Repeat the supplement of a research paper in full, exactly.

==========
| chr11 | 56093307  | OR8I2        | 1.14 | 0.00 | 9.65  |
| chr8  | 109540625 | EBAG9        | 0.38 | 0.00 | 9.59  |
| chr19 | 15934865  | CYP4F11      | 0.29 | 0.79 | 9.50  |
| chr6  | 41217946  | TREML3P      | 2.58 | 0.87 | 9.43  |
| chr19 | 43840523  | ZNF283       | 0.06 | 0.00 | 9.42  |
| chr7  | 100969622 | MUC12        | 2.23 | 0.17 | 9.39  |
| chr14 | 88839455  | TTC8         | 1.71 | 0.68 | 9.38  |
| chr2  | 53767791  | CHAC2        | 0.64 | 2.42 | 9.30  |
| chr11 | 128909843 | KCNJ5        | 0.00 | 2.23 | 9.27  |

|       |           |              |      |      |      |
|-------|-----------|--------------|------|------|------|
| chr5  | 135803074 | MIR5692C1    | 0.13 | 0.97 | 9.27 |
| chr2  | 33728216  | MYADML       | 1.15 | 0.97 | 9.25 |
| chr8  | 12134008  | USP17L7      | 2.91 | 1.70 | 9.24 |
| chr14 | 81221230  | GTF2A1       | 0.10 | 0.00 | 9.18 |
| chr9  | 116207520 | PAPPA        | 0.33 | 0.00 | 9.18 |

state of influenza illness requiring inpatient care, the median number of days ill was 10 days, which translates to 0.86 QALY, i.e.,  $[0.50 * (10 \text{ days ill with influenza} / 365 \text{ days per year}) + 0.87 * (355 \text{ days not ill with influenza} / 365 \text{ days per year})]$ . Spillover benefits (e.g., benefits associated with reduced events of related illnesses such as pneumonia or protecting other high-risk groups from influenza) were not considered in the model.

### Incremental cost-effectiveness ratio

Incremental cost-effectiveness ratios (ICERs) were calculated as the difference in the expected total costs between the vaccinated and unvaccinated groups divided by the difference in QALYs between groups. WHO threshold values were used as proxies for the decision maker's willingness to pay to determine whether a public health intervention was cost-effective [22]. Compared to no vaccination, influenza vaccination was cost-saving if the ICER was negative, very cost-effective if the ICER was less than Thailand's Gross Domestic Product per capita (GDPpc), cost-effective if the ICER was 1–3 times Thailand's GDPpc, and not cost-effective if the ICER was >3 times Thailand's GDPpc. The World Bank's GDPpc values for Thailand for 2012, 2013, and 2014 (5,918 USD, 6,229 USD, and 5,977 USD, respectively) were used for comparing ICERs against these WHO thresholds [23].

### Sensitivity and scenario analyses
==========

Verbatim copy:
| chr11 | 56093307  | OR8I2        | 1.14 | 0.00 | 9.65  |
| chr8  | 109540625 | EBAG9        | 0.38 | 0.00 | 9.59  |
| chr19 | 15934865  | CYP4F11      | 0.29 | 0.79 | 9.50  |
| chr6  | 41217946  | TREML3P      | 2.58 | 0.87 | 9.43  |
| chr19 | 43840523  | ZNF283       | 0.06 | 0.00 | 9.42  |
| chr7  | 100969622 | MUC12        | 2.23 | 0.17 | 9.39  |
| chr14 | 88839455  | TTC8         | 1.71 | 0.68 | 9.38  |
| chr2  | 53767791  | CHAC2        | 0.64 | 2.42 | 9.30  |
| chr11 | 128909843 | KCNJ5        | 0.00 | 2.23 | 9.27  |

|       |           |              |      |      |      |
|-------|-----------|--------------|------|------|------|
| chr5  | 135803074 | MIR5692C1    | 0.13 | 0.97 | 9.27 |
| chr2  | 33728216  | MYADML       | 1.15 | 0.97 | 9.25 |
| chr8  | 12134008  | USP17L7      | 2.91 | 1.70 | 9.24 |
| chr14 | 81221230  | GTF2A1       | 0.10 | 0.00 | 9.18 |
| chr9  | 116207520 | PAPPA        | 0.33 | 0.00 | 9.18 |

state of influenza illness requiring inpatient care, the median number of days ill was 10 days, which translates to 0.86 QALY, i.e.,  $[0.50 * (10 \text{ days ill with influenza} / 365 \text{ days per year}) + 0.87 * (355 \text{ days not ill with influenza} / 365 \text{ days per year})]$ . Spillover benefits (e.g., benefits associated with reduced events of related illnesses such as pneumonia or protecting other high-risk groups from influenza) were not considered in the model.

### Incremental cost-effectiveness ratio

Incremental cost-effectiveness ratios (ICERs) were calculated as the difference in the expected total costs between the vaccinated and unvaccinated groups divided by the difference in QALYs between groups. WHO threshold values were used as proxies for the decision maker's willingness to pay to determine whether a public health intervention was cost-effective [22]. Compared to no vaccination, influenza vaccination was cost-saving if the ICER was negative, very cost-effective if the ICER was less than Thailand's Gross Domestic Product per capita (GDPpc), cost-effective if the ICER was 1–3 times Thailand's GDPpc, and not cost-effective if the ICER was >3 times Thailand's GDPpc. The World Bank's GDPpc values for Thailand for 2012, 2013, and 2014 (5,918 USD, 6,229 USD, and 5,977 USD, respectively) were used for comparing ICERs against these WHO thresholds [23].

### Sensitivity and scenario analyses